Category Archives: Philosophy and Science

The Gettier Problem in the Philosophy of Science.

Philosophy of science has a curious relationship to epistemology, or the theory of knowledge. There is little doubt that in the 20th century the philosophy of science took on a life of its own largely independent of epistemology. Interestingly, given … Continue reading

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Who Was David Hume? A Rationalist, of course!

One must grant a belated happy birthday to David Hume (May 07, 1711), one of history’s most insightful thinkers and a favoured philosopher of mine despite the conservatism that is often associated with him. Gottlieb, in a timely review of … Continue reading

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Uniqueness and Mediocrity: The Multiverse and the Conflict between the Copernican and Anthropic Principles

The concept of the multiverse takes advantage of two principles, namely the Copernican Principle and the Anthropic Principle. This is intriguing for Carter introduced the Anthropic Principle as a reaction to the Copernican Principle. The Copernican Principle states that the … Continue reading

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Kuhnian Anomalies and Evolutionary Thought

One thing that interests me is the question of anomalies and the structure of scientific revolutions as per Thomas Kuhn. We tend to associate anomalies and revolutionary science with the physical sciences, most especially physics. This is unsurprising because ours … Continue reading

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Peak Knowledge and Social Complexity: Are They Linked?

The New York Times carries a thought provoking op-ed by William Gail on what he refers to as a looming new scientific dark age. Let us put aside the quibble that the dark ages might not have been as dark … Continue reading

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Logic and Mind: The Poverty of Adaptation and the Philosophy of Logic Naturalised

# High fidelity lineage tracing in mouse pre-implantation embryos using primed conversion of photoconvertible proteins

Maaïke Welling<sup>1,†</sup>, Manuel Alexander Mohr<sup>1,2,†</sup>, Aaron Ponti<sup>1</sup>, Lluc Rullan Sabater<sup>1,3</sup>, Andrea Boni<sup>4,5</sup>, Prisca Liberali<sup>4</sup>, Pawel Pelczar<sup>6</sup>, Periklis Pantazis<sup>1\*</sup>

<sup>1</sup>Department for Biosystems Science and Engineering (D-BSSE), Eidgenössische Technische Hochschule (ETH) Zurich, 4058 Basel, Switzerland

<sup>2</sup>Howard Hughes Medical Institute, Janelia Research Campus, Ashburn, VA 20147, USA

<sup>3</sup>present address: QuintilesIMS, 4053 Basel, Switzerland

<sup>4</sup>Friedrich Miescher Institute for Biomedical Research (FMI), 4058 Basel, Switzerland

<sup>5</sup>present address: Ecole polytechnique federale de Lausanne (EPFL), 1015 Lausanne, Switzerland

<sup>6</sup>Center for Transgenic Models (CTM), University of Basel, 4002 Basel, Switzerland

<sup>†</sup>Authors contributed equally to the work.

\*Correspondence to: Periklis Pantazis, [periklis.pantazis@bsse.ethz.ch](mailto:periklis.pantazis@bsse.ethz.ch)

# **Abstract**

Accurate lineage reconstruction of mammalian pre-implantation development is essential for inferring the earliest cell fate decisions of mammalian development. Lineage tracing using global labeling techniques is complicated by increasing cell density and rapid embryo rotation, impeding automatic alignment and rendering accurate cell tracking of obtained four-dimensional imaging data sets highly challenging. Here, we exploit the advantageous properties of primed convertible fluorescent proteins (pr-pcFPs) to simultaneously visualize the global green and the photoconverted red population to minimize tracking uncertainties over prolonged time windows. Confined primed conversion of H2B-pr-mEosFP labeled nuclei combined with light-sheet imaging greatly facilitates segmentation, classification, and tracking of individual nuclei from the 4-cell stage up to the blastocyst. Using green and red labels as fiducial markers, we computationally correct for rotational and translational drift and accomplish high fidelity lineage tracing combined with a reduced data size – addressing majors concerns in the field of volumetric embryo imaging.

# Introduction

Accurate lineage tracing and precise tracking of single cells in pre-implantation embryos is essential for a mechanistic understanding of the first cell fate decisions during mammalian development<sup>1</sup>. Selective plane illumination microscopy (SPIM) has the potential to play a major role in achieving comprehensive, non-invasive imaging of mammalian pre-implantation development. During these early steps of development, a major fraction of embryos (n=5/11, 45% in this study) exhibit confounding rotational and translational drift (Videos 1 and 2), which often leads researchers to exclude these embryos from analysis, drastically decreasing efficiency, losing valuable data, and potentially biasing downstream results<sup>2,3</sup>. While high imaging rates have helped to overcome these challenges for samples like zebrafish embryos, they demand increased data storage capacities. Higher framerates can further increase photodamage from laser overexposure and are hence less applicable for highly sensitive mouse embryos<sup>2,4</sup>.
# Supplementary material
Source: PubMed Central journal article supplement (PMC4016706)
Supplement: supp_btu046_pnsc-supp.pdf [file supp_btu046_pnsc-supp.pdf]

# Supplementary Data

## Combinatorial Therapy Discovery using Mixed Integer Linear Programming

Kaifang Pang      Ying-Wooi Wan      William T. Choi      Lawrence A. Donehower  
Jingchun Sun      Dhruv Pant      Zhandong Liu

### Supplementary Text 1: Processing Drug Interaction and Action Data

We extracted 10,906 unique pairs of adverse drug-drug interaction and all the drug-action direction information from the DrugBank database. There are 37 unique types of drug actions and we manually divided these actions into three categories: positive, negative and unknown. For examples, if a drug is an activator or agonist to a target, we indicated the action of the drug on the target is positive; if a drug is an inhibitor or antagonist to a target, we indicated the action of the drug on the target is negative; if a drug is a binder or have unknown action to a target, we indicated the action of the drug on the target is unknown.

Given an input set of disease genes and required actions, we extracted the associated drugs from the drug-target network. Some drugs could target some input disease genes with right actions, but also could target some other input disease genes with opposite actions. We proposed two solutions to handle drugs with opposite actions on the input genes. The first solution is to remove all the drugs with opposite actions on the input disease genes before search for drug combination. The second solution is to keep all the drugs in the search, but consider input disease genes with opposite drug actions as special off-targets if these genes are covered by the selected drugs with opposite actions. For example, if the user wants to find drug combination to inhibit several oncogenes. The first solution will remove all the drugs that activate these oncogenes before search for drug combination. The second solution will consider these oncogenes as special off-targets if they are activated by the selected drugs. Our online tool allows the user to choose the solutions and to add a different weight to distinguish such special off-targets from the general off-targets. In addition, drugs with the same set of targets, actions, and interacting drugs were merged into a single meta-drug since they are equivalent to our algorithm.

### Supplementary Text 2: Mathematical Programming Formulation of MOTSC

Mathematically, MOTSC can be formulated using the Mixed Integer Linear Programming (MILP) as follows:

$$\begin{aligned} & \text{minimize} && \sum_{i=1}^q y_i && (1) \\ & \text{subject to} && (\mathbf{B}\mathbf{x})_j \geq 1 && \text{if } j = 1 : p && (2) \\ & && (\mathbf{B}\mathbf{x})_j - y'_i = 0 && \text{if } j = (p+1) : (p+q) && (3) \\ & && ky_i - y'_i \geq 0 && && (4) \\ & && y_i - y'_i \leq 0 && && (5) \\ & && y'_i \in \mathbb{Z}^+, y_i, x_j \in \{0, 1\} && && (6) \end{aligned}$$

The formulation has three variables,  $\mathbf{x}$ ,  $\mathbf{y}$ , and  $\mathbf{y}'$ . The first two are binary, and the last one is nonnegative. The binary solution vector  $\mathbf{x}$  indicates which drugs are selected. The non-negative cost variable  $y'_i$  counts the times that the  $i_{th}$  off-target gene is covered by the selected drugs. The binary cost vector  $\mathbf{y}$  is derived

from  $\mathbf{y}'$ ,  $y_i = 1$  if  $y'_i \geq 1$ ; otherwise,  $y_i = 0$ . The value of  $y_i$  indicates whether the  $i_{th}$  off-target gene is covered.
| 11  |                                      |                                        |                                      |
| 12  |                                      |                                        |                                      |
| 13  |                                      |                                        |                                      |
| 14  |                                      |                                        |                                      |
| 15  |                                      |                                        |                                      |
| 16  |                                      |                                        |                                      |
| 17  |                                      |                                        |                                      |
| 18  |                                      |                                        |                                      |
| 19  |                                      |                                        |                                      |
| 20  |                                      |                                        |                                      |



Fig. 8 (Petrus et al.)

One often comes across many “just so stories” in the context of human evolution. One field that has, or perhaps had, almost turned this into an art form is evolutionary epistemology. Take say the following just so story, typical of … Continue reading

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Forms at Home in the Universe: On Two Problems of Body

The mind-body problem we are familiar with, so let us not tally with this too much; at least, not yet. There is another problem of body, most famously formulated by Eugene Wigner, in his oft cited paper on the “unreasonable … Continue reading

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Self and Emancipation

Former Prime Minister Paul Keating, in many ways the most significant architect of neoliberal Australia, not long ago told a gathering of school students, from Melbourne Grammar no less, that “In the last 30 or 40 years, the quest for … Continue reading

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Chomsky’s Merge, Einstein’s Dice, and Schrödinger’s Cat

One of the world’s leading defenders and exponents of what Adam Smith referred to as “the vile maxim of the masters of mankind” has an interesting little review of the latest scientific work of one of that maxim’s leading critics, … Continue reading

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